The copper cylinder was positively charged, forming the "anode" of the tube. A metal conduit was inserted down the central tunnel. The conduit was negatively charged, forming the "cathode" of the tube. The cylinder assembly was sealed at the ends, and a magnetic field placed across it. Under the combined influence of the electrical potential between anode and cathode and the magnetic field, electrons circulated in the central tunnel, producing electromagnetic radiation in the resonant cavities. The electromagnetic radiation from the cavities coupled together in the central tunnel, interacting with the electron flow to efficiently extract energy from it with high efficiency.

Physicists working with the device would later describe it as a kind of "whistle", where the flow of electrons generated electromagnetic waves of a specific wavelength, just as the flow of air through a whistle generates sound waves of a specific wavelength. The frequency of a whistle is dependent on its size, with a big whistle generating a low sound and a small whistle generating a shrill one. Similarly, the frequency output of the cavity magnetron was dependent on the size of the cavities. The cavities had a diameter of 1.2 centimeters (a little under a half inch), confining the electromagnetic radiation to produce "standing waves" at 9.1 cm (3,300 MHz or 3.3 gigahertz / GHz). A tap was bored through the side of the cylinder to provide an outlet for the microwave energy generated inside.

Randall and Boot performed the first microwave transmission using their cavity magnetron system on 21 February 1940. Within a few days, they were lighting up fluorescent tubes from some distance away, which indicated power output on the order of 500 watts. They found this unbelievable, and rechecked their figures and experimental setup. Nothing was wrong. The cavity magnetron was an entirely unexpected leap forward in microwave technology.

The cavity magnetron was so promising that Oliphant's group abandoned their work on the klystron to work with the new device. Through the spring and early summer, they improved their crude microwave transmitter into something resembling an operational system, with a maximum output power of 15 kilowatts, three orders of magnitude greater than the output power available with any other device.

The cavity magnetron opened doors to new technological possibilities. The TRE received its first cavity magnetrons on 19 July 1940. They were supplied to a centimeter-technology group under Philip I. Dee, of the Cavendish Laboratory at Cambridge University. Dee's team quickly put together a microwave radar system operating at 9.1 centimeters, though the technology was referred to as "10 centimeter" for convenience, and tracked an aircraft with it on 12 August 1940. The next day, the radar tracked a technician riding a bicycle carrying a tin sheet. Ground "clutter" would have simply blinded any long-wavelength radar under such circumstances. Microwave radar had arrived.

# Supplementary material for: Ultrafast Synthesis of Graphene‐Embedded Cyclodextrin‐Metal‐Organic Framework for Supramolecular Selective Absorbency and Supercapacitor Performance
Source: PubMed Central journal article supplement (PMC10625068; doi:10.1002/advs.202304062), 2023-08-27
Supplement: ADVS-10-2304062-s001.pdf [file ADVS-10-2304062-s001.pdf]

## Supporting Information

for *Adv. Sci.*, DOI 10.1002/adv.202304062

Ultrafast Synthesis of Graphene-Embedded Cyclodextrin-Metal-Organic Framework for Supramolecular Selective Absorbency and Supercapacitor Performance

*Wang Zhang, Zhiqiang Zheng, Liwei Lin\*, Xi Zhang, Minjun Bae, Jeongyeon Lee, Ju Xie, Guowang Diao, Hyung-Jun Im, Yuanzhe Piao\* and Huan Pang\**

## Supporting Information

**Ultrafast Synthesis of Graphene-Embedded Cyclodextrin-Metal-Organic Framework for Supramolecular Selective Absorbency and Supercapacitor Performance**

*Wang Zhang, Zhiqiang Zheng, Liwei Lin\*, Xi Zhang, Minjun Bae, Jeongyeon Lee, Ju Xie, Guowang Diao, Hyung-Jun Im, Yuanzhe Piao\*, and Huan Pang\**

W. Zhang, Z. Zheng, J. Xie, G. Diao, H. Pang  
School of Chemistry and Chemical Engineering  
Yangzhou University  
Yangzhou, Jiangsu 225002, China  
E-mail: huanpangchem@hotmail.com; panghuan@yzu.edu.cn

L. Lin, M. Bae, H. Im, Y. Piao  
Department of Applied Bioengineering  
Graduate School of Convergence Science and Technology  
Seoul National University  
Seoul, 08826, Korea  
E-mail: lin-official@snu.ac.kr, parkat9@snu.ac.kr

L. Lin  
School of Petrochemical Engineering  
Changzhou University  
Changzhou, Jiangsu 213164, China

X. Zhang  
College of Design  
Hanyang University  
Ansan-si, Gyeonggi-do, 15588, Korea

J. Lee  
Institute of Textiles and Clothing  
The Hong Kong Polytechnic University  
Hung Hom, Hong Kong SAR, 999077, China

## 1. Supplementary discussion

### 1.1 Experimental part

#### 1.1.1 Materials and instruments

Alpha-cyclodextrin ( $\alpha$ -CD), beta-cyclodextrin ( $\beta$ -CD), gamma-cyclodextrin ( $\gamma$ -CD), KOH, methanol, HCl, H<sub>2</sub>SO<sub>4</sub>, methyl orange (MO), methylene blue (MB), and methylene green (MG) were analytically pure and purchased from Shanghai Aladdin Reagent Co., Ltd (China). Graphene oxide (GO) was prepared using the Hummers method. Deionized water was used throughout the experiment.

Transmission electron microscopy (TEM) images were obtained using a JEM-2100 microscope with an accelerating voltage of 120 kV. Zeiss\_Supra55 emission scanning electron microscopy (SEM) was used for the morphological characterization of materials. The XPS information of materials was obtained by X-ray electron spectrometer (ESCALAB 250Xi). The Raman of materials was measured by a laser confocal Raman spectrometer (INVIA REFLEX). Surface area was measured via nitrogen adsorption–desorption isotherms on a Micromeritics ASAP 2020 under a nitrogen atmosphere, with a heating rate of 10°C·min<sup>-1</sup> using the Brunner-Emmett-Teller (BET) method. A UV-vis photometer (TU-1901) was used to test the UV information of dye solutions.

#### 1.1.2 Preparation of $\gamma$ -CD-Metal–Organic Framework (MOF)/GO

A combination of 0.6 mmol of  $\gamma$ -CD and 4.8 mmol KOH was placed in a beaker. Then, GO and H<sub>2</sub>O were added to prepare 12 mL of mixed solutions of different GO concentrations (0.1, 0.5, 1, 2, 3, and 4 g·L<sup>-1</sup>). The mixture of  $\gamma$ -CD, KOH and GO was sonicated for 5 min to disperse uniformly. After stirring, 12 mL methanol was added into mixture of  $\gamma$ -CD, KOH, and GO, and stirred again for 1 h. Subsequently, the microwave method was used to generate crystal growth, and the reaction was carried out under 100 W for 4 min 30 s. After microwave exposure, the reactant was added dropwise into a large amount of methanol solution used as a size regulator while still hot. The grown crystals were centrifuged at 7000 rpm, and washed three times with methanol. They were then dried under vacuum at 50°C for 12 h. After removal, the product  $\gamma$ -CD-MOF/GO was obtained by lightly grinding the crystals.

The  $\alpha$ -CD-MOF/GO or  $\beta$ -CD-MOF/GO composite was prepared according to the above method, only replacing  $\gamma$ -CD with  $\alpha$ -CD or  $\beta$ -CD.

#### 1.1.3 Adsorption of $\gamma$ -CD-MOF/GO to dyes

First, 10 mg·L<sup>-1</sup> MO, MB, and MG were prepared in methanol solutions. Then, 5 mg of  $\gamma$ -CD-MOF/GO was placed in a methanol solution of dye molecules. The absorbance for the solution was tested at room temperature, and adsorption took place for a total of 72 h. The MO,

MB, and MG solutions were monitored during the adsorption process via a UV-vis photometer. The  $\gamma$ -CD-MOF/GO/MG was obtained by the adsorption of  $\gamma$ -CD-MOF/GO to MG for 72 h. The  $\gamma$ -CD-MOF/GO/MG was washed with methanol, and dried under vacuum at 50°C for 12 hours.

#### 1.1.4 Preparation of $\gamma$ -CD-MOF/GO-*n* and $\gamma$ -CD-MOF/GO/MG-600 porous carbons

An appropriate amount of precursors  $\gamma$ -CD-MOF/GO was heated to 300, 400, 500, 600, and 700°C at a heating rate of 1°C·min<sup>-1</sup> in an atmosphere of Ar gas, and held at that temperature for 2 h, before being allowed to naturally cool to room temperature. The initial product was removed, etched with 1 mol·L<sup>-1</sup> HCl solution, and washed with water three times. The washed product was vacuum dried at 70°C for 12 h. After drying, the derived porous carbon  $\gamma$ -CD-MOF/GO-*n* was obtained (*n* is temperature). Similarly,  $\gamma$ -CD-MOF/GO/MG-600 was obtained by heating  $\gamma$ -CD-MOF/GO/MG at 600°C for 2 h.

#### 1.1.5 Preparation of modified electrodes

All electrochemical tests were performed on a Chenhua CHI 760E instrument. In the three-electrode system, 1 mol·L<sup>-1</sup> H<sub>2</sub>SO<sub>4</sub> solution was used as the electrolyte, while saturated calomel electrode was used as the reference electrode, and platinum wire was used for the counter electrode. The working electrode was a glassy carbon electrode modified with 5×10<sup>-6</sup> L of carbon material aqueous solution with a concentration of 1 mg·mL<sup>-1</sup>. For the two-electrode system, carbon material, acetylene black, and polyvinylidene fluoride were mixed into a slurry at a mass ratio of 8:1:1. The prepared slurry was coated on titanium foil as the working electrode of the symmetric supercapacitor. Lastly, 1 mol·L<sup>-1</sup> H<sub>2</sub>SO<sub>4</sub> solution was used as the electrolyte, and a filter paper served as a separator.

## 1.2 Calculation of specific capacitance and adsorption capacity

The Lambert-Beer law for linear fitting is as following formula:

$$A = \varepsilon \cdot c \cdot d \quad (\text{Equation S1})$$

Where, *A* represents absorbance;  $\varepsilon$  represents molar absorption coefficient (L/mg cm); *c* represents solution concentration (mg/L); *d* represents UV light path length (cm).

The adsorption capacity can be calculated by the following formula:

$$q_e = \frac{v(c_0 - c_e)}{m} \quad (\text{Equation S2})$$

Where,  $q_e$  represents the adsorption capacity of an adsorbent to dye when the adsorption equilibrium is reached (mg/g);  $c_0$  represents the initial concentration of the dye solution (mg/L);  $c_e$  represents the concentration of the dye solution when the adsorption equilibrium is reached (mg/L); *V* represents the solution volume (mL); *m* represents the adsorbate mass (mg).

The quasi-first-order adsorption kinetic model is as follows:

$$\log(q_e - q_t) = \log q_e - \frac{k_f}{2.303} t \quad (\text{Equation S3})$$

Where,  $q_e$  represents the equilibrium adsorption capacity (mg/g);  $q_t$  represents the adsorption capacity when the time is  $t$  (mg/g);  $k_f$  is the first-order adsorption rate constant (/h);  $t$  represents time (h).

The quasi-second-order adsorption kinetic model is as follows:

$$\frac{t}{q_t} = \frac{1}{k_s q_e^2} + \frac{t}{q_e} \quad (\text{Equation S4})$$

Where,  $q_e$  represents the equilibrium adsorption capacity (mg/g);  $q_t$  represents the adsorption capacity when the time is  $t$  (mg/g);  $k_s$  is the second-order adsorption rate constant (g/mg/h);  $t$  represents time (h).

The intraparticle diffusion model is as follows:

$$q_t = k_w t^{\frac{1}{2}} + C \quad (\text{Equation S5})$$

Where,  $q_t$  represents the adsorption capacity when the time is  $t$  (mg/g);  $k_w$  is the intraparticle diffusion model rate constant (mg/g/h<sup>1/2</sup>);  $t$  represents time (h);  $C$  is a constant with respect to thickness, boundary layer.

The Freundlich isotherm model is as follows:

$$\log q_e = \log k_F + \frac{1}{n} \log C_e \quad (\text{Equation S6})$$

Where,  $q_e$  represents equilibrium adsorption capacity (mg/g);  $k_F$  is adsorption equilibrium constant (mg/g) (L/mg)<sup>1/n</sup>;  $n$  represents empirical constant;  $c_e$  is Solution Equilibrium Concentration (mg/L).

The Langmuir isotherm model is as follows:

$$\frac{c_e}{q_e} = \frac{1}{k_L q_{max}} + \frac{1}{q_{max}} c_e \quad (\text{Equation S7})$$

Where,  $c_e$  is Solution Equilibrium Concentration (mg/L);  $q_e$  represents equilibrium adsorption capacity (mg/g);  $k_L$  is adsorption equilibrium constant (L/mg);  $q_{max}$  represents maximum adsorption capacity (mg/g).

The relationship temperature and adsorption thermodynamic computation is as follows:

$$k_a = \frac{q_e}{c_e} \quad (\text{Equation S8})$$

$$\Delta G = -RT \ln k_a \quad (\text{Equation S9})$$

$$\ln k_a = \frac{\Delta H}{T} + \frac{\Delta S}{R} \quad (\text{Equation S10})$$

* It should be no great surprise, given the fact that radar itself arose simultaneously in several countries, that several other nations discovered the cavity magnetron at about the same time. Two Soviet engineers, N.F. Alekseev and D.D. Malairov, developed the technology in the late 1930s and actually published a description of it in a public technical journal in 1940.

The fact that it wasn't kept a secret indicates the importance, or lack of it, assigned to it, all the more so because the Soviets took secrecy to an extreme. Soviet radar design was badly hampered by bureaucratic indifference and incompetence, plus the fact that a number of first-class engineers were arbitrarily purged and sent off to forced labor camps, from which many never returned. The USSR didn't exploit the cavity magnetron until after the Western Allies had put it into extensive use, and Soviet radar designs lagged badly. They received radar gear from Britain and the US, building copies when it seemed like a good idea, as they did with GL Mark II. Postwar Soviet radar work was based on technology provided by the Western Allies.